The country’s capital city Lima proudly lays claim to being the ultimate food mecca in South America. In Lima you will find 4 of the World’s Top 50 restaurants. Exploring local markets, taking a Lima cooking class with an expert chef, sampling local food and dining at local eateries and world-class gourmet restaurants are unmissable experiences in Lima, with Peru’s culinary scene providing a window into the Peru’s history and culture. To get under the skin of Peru’s food scene, we arrange a hands-on Lima cooking class and complete personalised Peru culinary tour experiences with our star chef, Penelope Alzamora, one of Aracari’s many specialists.
Lima Cooking Class & Culinary Experience: Lima With Zest
Through our culinary experience Lima With Zest, Penelope will introduce you to all things Peruvian cuisine and tailor the experience to your interests – from being more hands-on to a more informative demonstration. Penélope grew up in Peru but received her education abroad, getting a degree in hospitality at Newbury College outside of Boston, learning culinary arts at Johnson & Wales in Rhode Island and then teaching about Peruvian cuisine at Tante Marie Cooking School in San Francisco. Additionally, she and her family opened the restaurant Bohemia Café y Más in Lima, where she worked in the kitchen for years, partnering with famous Peruvian chef, Gastón Acurio during that time.
A group from Aracari spent a morning with Penélope enjoying the Lima With Zest experience, visiting a local market to buy ingredients for a lunch we’d prepare at the chef’s home in the seaside neighborhood of Barranco. Here we share our culinary tour Peru experience!
Peru With Flavor: At the Market
The day of our culinary tour Peru experience with Penelope I entered a bright, white-walled market in the San Isidro district and found the Aracari group gathered in an open space at the center of the stalls. At almost the same time that I arrived, a tall, slender woman with a straw bag dangling from her arm entered the market and began greeting familiar faces in the group and introduced herself to me as Penélope.
She took us first to the fish stall, where she knew the staff. They showed us different types of fish—grouper, sea bass, flounder— all freshly caught that morning, along with seafood, like prawns, giant clams and lush scallops. Then we browsed the stall of nuts, dried fruits and snacks like yucca chips, bolas de kiwicha (balls of popped amaranth with honey) and cancha (fried corn kernels).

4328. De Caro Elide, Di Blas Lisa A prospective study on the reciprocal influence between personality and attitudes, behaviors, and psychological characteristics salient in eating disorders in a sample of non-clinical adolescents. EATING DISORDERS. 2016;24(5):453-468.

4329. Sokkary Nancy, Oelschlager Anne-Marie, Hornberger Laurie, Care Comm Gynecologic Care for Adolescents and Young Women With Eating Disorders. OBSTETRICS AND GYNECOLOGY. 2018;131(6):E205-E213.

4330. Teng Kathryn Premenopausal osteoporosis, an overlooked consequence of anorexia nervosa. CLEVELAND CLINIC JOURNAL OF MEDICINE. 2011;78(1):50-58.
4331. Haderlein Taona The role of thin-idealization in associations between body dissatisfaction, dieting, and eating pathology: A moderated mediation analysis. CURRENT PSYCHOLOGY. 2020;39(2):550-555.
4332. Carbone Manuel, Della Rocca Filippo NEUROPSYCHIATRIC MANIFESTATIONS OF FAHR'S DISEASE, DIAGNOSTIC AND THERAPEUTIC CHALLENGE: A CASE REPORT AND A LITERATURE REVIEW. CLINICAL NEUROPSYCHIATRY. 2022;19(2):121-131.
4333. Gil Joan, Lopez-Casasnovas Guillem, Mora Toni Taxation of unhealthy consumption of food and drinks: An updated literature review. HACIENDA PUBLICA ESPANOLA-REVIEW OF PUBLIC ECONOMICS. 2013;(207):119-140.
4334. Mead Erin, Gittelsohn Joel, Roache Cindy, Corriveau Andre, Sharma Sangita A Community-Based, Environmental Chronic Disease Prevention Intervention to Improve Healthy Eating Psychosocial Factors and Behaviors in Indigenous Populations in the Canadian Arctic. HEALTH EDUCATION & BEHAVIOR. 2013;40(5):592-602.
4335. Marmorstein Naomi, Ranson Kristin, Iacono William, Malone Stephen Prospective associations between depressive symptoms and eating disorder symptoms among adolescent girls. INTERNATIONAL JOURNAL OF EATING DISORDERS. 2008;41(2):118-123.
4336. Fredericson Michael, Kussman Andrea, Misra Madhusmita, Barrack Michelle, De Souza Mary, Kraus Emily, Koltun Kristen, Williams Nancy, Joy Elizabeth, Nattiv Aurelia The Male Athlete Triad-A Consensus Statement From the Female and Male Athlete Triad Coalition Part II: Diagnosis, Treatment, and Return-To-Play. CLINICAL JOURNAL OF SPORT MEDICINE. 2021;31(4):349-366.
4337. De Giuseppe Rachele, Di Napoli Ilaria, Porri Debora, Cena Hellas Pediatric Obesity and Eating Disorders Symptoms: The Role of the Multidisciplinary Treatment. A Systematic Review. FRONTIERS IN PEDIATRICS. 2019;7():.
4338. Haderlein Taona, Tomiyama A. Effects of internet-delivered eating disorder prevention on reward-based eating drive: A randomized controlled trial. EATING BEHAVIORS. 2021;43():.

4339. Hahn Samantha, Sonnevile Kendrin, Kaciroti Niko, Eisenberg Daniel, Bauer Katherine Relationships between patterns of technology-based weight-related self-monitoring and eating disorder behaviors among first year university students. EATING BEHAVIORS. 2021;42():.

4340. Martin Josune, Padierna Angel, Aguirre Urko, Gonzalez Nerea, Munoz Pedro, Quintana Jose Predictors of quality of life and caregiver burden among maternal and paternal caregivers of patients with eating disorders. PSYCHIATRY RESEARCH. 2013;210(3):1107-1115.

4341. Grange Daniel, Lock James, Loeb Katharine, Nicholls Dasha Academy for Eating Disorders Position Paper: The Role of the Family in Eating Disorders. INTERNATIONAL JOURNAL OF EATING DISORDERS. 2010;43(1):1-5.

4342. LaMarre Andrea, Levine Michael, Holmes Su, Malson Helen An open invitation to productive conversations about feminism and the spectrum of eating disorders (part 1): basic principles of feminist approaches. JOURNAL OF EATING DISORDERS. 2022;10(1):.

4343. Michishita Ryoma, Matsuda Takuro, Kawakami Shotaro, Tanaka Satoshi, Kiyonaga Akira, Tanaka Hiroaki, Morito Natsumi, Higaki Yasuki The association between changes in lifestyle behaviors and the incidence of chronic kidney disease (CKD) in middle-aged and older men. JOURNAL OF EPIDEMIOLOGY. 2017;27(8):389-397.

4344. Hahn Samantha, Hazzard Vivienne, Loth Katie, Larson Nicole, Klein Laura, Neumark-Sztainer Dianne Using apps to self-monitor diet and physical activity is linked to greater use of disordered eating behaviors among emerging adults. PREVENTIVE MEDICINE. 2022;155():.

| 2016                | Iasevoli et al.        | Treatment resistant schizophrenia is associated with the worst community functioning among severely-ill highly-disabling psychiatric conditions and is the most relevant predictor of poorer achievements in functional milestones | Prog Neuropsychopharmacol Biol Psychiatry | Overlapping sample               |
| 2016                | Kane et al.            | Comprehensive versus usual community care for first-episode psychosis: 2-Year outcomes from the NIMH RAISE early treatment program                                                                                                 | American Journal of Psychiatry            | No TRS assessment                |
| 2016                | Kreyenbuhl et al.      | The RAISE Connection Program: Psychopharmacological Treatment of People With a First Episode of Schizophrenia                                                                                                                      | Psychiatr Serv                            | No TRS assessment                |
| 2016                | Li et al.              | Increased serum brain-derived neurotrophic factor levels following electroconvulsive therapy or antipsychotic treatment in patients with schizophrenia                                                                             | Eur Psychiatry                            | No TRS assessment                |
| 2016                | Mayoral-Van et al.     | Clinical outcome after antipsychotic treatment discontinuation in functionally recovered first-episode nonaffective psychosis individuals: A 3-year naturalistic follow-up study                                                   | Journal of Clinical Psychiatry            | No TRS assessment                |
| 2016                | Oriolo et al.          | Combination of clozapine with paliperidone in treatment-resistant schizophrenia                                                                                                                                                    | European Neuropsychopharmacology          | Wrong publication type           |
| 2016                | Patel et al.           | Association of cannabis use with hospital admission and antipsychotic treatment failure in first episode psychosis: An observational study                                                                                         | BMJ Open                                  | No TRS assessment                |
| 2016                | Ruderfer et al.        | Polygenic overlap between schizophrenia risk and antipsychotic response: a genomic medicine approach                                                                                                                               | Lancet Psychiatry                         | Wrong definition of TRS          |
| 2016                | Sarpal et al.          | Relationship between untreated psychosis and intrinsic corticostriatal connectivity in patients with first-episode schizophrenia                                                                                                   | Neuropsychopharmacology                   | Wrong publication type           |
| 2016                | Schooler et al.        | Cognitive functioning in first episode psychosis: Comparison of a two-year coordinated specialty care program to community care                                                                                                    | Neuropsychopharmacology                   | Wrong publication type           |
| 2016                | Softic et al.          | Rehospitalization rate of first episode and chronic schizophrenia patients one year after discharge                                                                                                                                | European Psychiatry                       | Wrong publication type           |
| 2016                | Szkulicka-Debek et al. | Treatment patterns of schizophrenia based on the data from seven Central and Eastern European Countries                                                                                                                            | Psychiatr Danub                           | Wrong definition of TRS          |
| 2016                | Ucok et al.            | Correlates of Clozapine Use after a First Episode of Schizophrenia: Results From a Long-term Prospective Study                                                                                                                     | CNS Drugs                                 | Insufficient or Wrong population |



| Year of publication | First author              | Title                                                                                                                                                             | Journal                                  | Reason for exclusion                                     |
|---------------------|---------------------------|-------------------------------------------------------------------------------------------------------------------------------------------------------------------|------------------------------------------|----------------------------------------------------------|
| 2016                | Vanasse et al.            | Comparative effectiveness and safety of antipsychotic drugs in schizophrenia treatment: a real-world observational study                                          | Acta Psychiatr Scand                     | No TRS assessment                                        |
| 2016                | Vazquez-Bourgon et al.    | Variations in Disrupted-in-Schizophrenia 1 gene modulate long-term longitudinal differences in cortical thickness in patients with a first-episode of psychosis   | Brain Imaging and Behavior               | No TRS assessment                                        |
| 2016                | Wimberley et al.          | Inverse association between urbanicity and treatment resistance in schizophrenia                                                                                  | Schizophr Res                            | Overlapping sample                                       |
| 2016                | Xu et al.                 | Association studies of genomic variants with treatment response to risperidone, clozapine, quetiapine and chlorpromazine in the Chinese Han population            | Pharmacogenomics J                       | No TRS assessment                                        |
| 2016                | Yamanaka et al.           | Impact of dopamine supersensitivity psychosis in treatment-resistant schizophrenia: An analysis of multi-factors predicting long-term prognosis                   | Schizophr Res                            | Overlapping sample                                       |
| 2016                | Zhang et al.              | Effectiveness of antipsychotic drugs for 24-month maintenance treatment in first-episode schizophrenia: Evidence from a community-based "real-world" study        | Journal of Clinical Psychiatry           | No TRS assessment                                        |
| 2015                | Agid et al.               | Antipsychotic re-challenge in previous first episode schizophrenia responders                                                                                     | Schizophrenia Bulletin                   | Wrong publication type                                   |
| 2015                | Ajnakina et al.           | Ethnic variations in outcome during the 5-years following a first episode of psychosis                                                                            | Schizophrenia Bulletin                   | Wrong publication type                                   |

Across from this stall was the medicine man, who Penelope greeted by name as he offered to watch her straw bag (as is his habit). She showed us various herbs and medicinal plants like crushed achiote leaves and the mix of herbs used in the traditional Peruvian emoliente drink, a staple in the chef’s home.
And at last, we found our way to the fruit and vegetable stalls, where we would point at exotic looking fruits and ask the name and origin, many from the jungle or the sierra, like aguaje, tuna, aguaymanto, camu camu and lúcuma (click here for a guide to Peruvian fruit). There were endless colors, shapes and varieties of fruits, like the tart maracuyá (passion fruit), deep pink pomegranates and green, heart-shaped chirimoyas (known as custard apples) as large as a softball. Penelope bought cilantro, choclo (large kennel corn), sweet potatoes, onion and yellow and red ajíes (chili peppers). When we finished with our purchases, we went to her car, and she drove us from the market to her home.
A Coffee Break in Bohemian Barranco
It was still a bit early to start cooking lunch when we arrived at Penélope’s home in Barranco, so we took a walk on the esplanade along the coast to Dédalo, a local gallery and handicrafts boutique with a nice patio and café. We sat down to a cappuccino and talked about Lima, her time abroad and mostly her experiences with travellers doing the culinary tour. She explained that she really enjoys learning about so many people and cultures as she bonds with her guests. She mentioned families that came and loved that the experience was so hands-on and kept them involved. Penélope’s positive energy and warmth are genuine, which made sitting down with her to chat at the café a lovely addition to the experience.
Before leaving, Penélope showed us the ceramics from a line called Jallpa Nina, produced in a studio owned by her parents in the area of southern Lima called Lurín. The ceramics were elegant, simply designed and expertly crafted with a timelessness that made them as functional as decorative. For visitors who are interested in ceramics, the culinary experience with Penelope could be extended to a full day in which they visit the Jallpa Nina studio and prepare the meal there.